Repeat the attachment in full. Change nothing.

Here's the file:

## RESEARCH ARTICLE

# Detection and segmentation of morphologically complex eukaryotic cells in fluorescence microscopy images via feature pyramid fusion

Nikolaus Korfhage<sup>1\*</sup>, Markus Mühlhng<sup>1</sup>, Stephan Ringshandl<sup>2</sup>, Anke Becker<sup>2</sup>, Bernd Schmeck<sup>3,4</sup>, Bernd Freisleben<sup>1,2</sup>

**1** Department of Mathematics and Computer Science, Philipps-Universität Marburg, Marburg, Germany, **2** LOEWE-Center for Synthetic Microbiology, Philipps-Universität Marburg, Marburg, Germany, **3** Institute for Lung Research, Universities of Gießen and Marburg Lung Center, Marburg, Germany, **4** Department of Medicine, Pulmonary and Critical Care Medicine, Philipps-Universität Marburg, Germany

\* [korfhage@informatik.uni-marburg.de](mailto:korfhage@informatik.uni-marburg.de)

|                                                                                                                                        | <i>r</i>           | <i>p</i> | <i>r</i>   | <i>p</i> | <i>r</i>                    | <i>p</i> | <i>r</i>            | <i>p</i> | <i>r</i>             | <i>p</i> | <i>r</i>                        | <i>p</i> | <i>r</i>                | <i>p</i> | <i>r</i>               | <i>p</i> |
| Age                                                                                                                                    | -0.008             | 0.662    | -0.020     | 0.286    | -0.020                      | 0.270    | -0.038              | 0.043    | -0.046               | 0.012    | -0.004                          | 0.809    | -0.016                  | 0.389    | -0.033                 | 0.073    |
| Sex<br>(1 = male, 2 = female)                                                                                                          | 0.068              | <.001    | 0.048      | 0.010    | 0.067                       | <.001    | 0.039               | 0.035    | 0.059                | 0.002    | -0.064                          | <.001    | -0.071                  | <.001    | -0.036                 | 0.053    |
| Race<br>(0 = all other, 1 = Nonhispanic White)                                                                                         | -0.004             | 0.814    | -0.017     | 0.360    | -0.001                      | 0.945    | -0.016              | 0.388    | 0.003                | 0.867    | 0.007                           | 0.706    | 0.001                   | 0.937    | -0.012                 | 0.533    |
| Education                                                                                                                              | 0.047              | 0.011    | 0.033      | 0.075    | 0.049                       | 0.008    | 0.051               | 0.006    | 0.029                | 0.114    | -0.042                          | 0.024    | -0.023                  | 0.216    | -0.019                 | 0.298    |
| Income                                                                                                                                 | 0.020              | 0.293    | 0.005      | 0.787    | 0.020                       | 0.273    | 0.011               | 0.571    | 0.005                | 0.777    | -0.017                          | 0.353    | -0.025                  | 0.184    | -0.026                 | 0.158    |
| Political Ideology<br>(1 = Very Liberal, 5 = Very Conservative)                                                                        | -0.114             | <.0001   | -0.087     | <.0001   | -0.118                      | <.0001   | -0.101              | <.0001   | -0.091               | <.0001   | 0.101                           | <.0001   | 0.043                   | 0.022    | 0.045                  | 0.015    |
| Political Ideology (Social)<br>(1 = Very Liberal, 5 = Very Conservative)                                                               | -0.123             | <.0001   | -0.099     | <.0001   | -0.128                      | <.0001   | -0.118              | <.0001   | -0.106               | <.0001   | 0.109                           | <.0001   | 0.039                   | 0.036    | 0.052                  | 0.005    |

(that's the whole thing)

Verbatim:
## RESEARCH ARTICLE

# Detection and segmentation of morphologically complex eukaryotic cells in fluorescence microscopy images via feature pyramid fusion

Nikolaus Korfhage<sup>1\*</sup>, Markus Mühlhng<sup>1</sup>, Stephan Ringshandl<sup>2</sup>, Anke Becker<sup>2</sup>, Bernd Schmeck<sup>3,4</sup>, Bernd Freisleben<sup>1,2</sup>

**1** Department of Mathematics and Computer Science, Philipps-Universität Marburg, Marburg, Germany, **2** LOEWE-Center for Synthetic Microbiology, Philipps-Universität Marburg, Marburg, Germany, **3** Institute for Lung Research, Universities of Gießen and Marburg Lung Center, Marburg, Germany, **4** Department of Medicine, Pulmonary and Critical Care Medicine, Philipps-Universität Marburg, Germany

\* [korfhage@informatik.uni-marburg.de](mailto:korfhage@informatik.uni-marburg.de)

|                                                                                                                                        | <i>r</i>           | <i>p</i> | <i>r</i>   | <i>p</i> | <i>r</i>                    | <i>p</i> | <i>r</i>            | <i>p</i> | <i>r</i>             | <i>p</i> | <i>r</i>                        | <i>p</i> | <i>r</i>                | <i>p</i> | <i>r</i>               | <i>p</i> |
| Age                                                                                                                                    | -0.008             | 0.662    | -0.020     | 0.286    | -0.020                      | 0.270    | -0.038              | 0.043    | -0.046               | 0.012    | -0.004                          | 0.809    | -0.016                  | 0.389    | -0.033                 | 0.073    |
| Sex<br>(1 = male, 2 = female)                                                                                                          | 0.068              | <.001    | 0.048      | 0.010    | 0.067                       | <.001    | 0.039               | 0.035    | 0.059                | 0.002    | -0.064                          | <.001    | -0.071                  | <.001    | -0.036                 | 0.053    |
| Race<br>(0 = all other, 1 = Nonhispanic White)                                                                                         | -0.004             | 0.814    | -0.017     | 0.360    | -0.001                      | 0.945    | -0.016              | 0.388    | 0.003                | 0.867    | 0.007                           | 0.706    | 0.001                   | 0.937    | -0.012                 | 0.533    |
| Education                                                                                                                              | 0.047              | 0.011    | 0.033      | 0.075    | 0.049                       | 0.008    | 0.051               | 0.006    | 0.029                | 0.114    | -0.042                          | 0.024    | -0.023                  | 0.216    | -0.019                 | 0.298    |
| Income                                                                                                                                 | 0.020              | 0.293    | 0.005      | 0.787    | 0.020                       | 0.273    | 0.011               | 0.571    | 0.005                | 0.777    | -0.017                          | 0.353    | -0.025                  | 0.184    | -0.026                 | 0.158    |
| Political Ideology<br>(1 = Very Liberal, 5 = Very Conservative)                                                                        | -0.114             | <.0001   | -0.087     | <.0001   | -0.118                      | <.0001   | -0.101              | <.0001   | -0.091               | <.0001   | 0.101                           | <.0001   | 0.043                   | 0.022    | 0.045                  | 0.015    |
| Political Ideology (Social)<br>(1 = Very Liberal, 5 = Very Conservative)                                                               | -0.123             | <.0001   | -0.099     | <.0001   | -0.128                      | <.0001   | -0.118              | <.0001   | -0.106               | <.0001   | 0.109                           | <.0001   | 0.039                   | 0.036    | 0.052                  | 0.005    |